Curative In A Sentence

Definition of Curative

(grammar) of a verb, conveying the meaning "the agent makes a patient do something" | A substance that acts as a cure.

How To Use Curative In A Sentence?

  • Are there any conditions which suggest suspicion of or direct opposition to such curative work?
  • But the work of water and its curative effects can be easily seen and understood.
  • The herbs and barks they used were employed solely for their own intrinsically curative qualities.
  • All this shows that earth has many valuable properties as a purifying and curative agent.
  • I at present possess, and endowed it solemnly with miraculous curative properties.
  • Call and read letters from all parts of the country, attesting their wonderful curative powers.
  • They explained its curative properties, and its reputation traveled up the Atlantic seaboard.
  • But the curative value of the combination is more likely due to the albumen and opium than to the resin.
  • Belief in the curative power of legislation was being supplanted by a growing faith in the sufficiency of natural law.
  • Nothing will be curative in asthma unless the patient has confidence in his power and uses his own will energy to help it.
  • The curative water was drawn from the confluence of two streams and was sprinkled with much ceremony.
  • Whithersoever the centrifugal nerves lead there the mind-brain system may have its curative influence.
  • Every curative effort presupposes that the normal state of health has been lost and that a diseased state has set in.
  • Electricity and magnetism met this fate, and mesmerism was at first thought to be a curative agent for all diseases.
  • Any absurd superstition can become accredited because its curative value may be equal to a truly valuable suggestion.
  • Medical chemistry, which succeeded it, was concerned chiefly with the curative properties of various chemical preparations.
  • There were several charms for many of the ailments to which man is subject, which were thought to possess equal curative virtues.
  • He believed further that he was able to infuse this magnetic power into any lifeless thing, which would then have curative influence on the nerves.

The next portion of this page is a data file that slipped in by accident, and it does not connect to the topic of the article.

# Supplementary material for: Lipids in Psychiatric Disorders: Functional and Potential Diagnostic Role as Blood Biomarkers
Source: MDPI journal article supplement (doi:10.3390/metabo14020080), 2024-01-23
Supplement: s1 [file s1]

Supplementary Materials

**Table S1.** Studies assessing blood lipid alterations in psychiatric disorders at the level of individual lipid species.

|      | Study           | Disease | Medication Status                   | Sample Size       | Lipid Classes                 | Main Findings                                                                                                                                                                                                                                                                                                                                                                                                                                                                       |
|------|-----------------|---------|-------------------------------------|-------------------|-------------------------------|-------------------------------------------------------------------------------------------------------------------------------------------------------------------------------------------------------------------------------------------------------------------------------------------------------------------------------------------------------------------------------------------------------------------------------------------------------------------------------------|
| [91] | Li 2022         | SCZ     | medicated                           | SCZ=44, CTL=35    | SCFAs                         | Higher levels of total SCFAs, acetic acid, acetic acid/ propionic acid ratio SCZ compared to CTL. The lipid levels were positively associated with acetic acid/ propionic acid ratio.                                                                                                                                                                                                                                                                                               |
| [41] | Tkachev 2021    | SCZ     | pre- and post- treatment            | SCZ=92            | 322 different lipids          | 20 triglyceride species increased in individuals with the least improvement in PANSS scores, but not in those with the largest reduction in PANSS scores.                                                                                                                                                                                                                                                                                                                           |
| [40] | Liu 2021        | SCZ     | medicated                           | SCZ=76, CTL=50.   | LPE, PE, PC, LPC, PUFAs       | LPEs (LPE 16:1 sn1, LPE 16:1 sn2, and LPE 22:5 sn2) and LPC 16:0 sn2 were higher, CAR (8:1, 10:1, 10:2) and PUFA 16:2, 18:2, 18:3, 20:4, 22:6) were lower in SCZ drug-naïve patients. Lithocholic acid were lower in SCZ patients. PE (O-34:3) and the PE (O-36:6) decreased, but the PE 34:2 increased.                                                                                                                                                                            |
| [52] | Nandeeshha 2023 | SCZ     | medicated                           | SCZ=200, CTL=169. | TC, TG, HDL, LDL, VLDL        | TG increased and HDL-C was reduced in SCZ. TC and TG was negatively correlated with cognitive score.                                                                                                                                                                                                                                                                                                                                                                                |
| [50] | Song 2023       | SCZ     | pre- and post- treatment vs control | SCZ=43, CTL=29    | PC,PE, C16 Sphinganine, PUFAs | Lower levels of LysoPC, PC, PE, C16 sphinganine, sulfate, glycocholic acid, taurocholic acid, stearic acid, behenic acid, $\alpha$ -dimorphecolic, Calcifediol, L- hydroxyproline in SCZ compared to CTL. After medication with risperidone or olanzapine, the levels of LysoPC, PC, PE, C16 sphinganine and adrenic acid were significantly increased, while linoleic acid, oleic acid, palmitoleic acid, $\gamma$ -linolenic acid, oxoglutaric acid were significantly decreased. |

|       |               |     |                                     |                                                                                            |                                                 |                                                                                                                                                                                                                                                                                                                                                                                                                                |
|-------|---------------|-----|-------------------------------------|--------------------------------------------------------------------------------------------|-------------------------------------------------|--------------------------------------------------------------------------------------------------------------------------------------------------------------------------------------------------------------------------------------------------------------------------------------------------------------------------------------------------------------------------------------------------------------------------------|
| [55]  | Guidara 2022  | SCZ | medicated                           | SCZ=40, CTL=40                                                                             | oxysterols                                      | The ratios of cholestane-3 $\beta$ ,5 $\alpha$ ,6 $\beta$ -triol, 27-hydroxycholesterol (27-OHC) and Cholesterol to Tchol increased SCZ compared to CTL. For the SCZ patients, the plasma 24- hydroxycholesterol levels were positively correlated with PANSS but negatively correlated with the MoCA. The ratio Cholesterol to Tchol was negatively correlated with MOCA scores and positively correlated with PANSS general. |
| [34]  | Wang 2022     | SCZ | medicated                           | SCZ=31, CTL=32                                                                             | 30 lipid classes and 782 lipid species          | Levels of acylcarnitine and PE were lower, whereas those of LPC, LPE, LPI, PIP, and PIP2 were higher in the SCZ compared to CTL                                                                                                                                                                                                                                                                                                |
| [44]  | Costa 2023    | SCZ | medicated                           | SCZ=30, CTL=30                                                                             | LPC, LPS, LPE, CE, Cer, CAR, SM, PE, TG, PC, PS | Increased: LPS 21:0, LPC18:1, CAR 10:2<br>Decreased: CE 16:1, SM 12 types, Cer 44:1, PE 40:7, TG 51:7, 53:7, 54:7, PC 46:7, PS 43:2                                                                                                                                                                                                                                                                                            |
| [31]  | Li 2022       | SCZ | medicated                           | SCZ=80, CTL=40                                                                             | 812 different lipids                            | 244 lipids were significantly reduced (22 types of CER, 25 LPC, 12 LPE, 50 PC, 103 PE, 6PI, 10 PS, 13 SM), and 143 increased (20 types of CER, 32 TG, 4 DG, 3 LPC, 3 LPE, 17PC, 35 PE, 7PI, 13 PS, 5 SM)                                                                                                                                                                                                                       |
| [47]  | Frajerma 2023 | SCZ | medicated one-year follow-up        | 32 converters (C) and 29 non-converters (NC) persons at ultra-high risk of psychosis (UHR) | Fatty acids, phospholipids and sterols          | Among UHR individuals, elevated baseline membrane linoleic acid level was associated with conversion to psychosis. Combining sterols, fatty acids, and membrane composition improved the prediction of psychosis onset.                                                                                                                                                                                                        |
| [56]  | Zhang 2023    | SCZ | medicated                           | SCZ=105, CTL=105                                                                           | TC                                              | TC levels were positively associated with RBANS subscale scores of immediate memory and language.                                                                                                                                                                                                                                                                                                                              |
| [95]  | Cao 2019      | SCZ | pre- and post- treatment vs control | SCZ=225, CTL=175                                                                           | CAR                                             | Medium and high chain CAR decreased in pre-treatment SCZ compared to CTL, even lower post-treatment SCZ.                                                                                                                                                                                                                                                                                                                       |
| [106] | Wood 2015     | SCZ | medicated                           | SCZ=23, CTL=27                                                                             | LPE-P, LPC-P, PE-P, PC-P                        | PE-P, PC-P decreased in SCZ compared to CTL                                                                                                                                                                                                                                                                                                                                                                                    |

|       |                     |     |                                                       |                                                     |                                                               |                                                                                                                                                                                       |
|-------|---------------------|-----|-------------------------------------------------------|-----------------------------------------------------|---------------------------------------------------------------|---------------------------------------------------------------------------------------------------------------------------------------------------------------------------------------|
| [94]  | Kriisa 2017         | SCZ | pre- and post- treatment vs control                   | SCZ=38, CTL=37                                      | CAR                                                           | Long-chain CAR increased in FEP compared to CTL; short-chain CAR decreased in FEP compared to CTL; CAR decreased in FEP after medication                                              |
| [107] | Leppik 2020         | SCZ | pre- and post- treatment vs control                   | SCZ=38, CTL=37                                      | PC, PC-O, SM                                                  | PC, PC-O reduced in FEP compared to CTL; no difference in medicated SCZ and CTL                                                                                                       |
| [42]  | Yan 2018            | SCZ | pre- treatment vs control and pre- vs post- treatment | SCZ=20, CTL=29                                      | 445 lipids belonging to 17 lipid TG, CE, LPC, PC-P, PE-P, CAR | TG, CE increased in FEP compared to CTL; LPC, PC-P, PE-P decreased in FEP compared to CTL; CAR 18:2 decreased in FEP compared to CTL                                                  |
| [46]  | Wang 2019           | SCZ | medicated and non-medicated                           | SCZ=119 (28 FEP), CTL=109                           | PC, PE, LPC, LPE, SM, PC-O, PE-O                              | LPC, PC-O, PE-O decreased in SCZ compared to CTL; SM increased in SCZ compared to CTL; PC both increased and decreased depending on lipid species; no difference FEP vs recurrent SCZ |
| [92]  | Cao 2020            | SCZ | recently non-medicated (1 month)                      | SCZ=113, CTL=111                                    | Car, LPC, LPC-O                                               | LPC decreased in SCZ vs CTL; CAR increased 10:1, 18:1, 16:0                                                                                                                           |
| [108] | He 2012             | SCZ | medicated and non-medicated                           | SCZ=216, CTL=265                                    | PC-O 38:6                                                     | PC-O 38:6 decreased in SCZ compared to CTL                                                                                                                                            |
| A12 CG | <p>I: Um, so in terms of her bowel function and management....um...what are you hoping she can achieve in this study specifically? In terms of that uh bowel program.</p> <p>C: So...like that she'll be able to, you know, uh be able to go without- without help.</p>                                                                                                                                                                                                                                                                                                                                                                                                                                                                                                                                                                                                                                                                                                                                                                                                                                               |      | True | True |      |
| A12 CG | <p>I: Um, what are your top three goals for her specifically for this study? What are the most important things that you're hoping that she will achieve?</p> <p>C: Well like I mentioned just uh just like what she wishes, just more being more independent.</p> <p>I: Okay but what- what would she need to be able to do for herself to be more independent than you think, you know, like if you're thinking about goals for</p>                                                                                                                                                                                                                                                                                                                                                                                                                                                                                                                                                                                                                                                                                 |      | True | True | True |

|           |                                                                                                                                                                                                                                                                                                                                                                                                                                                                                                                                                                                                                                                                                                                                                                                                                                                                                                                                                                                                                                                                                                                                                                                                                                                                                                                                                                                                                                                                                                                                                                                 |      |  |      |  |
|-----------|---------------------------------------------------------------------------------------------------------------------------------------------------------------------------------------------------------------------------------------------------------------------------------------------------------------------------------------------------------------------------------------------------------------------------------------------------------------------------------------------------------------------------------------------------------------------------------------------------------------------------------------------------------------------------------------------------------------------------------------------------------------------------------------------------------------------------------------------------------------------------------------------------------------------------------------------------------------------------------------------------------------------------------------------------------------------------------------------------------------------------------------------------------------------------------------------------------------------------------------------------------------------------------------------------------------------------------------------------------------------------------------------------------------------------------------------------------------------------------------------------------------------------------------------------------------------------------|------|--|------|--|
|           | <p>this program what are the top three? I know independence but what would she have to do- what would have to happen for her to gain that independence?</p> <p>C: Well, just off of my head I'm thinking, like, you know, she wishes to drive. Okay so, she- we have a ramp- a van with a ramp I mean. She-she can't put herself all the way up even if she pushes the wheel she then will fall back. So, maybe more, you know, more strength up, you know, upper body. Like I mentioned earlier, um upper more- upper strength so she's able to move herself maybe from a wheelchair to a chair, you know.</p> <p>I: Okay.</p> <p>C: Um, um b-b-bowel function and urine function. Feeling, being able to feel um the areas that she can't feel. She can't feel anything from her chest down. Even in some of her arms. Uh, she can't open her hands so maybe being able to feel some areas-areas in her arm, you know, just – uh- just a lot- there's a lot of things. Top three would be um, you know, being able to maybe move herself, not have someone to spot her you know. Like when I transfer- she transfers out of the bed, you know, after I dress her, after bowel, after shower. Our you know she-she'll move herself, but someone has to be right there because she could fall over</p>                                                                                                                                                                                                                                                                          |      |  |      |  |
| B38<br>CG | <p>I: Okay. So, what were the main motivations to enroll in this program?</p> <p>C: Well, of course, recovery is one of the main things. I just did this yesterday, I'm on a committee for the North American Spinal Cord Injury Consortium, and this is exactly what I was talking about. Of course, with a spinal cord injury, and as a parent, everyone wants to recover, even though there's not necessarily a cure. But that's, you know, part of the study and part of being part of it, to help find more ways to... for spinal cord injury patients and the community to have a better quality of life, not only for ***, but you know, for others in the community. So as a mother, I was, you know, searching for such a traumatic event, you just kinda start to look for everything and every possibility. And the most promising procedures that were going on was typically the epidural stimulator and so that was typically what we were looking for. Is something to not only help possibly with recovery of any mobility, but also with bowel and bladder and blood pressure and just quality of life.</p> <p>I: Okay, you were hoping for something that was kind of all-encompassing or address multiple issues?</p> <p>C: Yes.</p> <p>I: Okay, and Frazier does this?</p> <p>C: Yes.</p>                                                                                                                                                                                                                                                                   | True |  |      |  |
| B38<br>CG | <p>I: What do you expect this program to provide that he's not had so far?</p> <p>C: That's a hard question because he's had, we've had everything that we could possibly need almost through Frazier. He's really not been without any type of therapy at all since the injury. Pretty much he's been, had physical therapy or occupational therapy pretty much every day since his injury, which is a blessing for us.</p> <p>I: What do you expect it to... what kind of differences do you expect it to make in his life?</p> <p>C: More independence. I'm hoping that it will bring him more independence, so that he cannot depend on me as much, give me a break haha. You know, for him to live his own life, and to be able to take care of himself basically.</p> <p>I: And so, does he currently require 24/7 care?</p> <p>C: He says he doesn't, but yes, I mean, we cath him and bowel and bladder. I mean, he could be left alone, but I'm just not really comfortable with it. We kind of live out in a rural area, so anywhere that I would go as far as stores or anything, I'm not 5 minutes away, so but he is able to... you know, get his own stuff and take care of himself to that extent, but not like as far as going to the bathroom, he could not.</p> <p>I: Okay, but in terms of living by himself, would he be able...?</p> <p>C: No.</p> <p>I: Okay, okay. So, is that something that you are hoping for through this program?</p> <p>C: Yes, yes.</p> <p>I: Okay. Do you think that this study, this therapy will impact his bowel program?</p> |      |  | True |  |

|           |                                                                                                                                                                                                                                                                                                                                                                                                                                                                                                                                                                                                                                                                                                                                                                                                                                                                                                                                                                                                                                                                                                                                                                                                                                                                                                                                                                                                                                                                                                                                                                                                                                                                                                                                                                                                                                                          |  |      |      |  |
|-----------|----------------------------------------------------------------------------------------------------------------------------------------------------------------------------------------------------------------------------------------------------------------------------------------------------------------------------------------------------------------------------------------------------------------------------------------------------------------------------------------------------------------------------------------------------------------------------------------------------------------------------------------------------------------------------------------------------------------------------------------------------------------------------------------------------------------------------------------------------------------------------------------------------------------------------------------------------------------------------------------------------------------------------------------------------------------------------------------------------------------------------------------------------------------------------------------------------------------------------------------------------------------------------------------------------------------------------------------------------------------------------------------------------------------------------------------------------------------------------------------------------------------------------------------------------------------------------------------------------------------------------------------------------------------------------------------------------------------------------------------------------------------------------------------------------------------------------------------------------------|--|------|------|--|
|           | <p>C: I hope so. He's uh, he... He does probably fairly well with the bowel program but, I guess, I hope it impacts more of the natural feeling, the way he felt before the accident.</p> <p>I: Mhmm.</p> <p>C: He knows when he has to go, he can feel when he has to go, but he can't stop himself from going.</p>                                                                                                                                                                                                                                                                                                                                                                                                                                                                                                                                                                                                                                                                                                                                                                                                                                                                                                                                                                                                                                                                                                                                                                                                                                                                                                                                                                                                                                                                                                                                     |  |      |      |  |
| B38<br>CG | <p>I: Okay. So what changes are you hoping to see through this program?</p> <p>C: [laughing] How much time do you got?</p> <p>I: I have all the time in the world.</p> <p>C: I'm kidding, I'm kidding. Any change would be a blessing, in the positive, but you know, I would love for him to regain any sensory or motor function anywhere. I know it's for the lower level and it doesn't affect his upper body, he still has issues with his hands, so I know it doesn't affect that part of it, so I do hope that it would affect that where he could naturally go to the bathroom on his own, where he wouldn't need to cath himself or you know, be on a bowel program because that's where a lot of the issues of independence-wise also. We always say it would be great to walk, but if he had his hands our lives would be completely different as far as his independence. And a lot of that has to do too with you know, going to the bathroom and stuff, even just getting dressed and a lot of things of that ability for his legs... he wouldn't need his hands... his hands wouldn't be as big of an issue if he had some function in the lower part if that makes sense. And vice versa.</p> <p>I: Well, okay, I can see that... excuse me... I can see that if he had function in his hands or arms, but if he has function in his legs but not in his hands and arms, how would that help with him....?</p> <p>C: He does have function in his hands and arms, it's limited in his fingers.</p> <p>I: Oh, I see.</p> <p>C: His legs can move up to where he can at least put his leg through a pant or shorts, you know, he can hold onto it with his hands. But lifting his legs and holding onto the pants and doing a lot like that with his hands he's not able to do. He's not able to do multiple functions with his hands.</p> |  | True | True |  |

• So numerous are these wells that to name them and dwell at any length on the curative powers claimed for their waters would fill a large volume.
  • It has been shewn that water as a curative agent, has been known from the remotest period; but its means of application were insufficient.
  • Hoping much from the well-known curative effects of fine feathers, he managed to treat the affair with dignified silence.
  • Some writers have pointed out that in many diseases marriage exerts a decidedly curative influence, especially in chronic nervous ailments.
  • We will now proceed to describe the curative properties of earth, which are, in some cases, even more remarkable than those of water.
  • No doubt this belief in the curative effect of the disciples and their successors fills the first centuries after Christ.
  • Waybroad has certainly wonderfully curative powers, especially for bee-stings, but otherwise it has long since fallen from its high estate.
  • No theory of the world and of God ought to gain authority over the mind from such an external motive as a belief in its curative effects.

Short & Simple Example Sentence For Curative | Curative Sentence

  • There is curative power in faith.
  • It is often thought that medicine is the curative process.
  • Similar curative agencies might be mentioned by hundreds.
  • Authorities in Support of Water as a Curative Agent.
  • These are the only exceptions to the curative power of this drug.
  • There is a curative power in human life just as there is in nature.
  • All people know something of the use of steam as a curative agent.
  • He was one of her show sons, a witness to her curative powers.
  • Its curative action soon became manifest in two different ways.
  • Hand in hand, these great curative powers seek a proper subject.
  • As curative agencies, rings have also played a curious part.
  • When old, they yield oil for lighting, and a curative balsam.
  • All dew does not appear, however, to have possessed these curative qualities.

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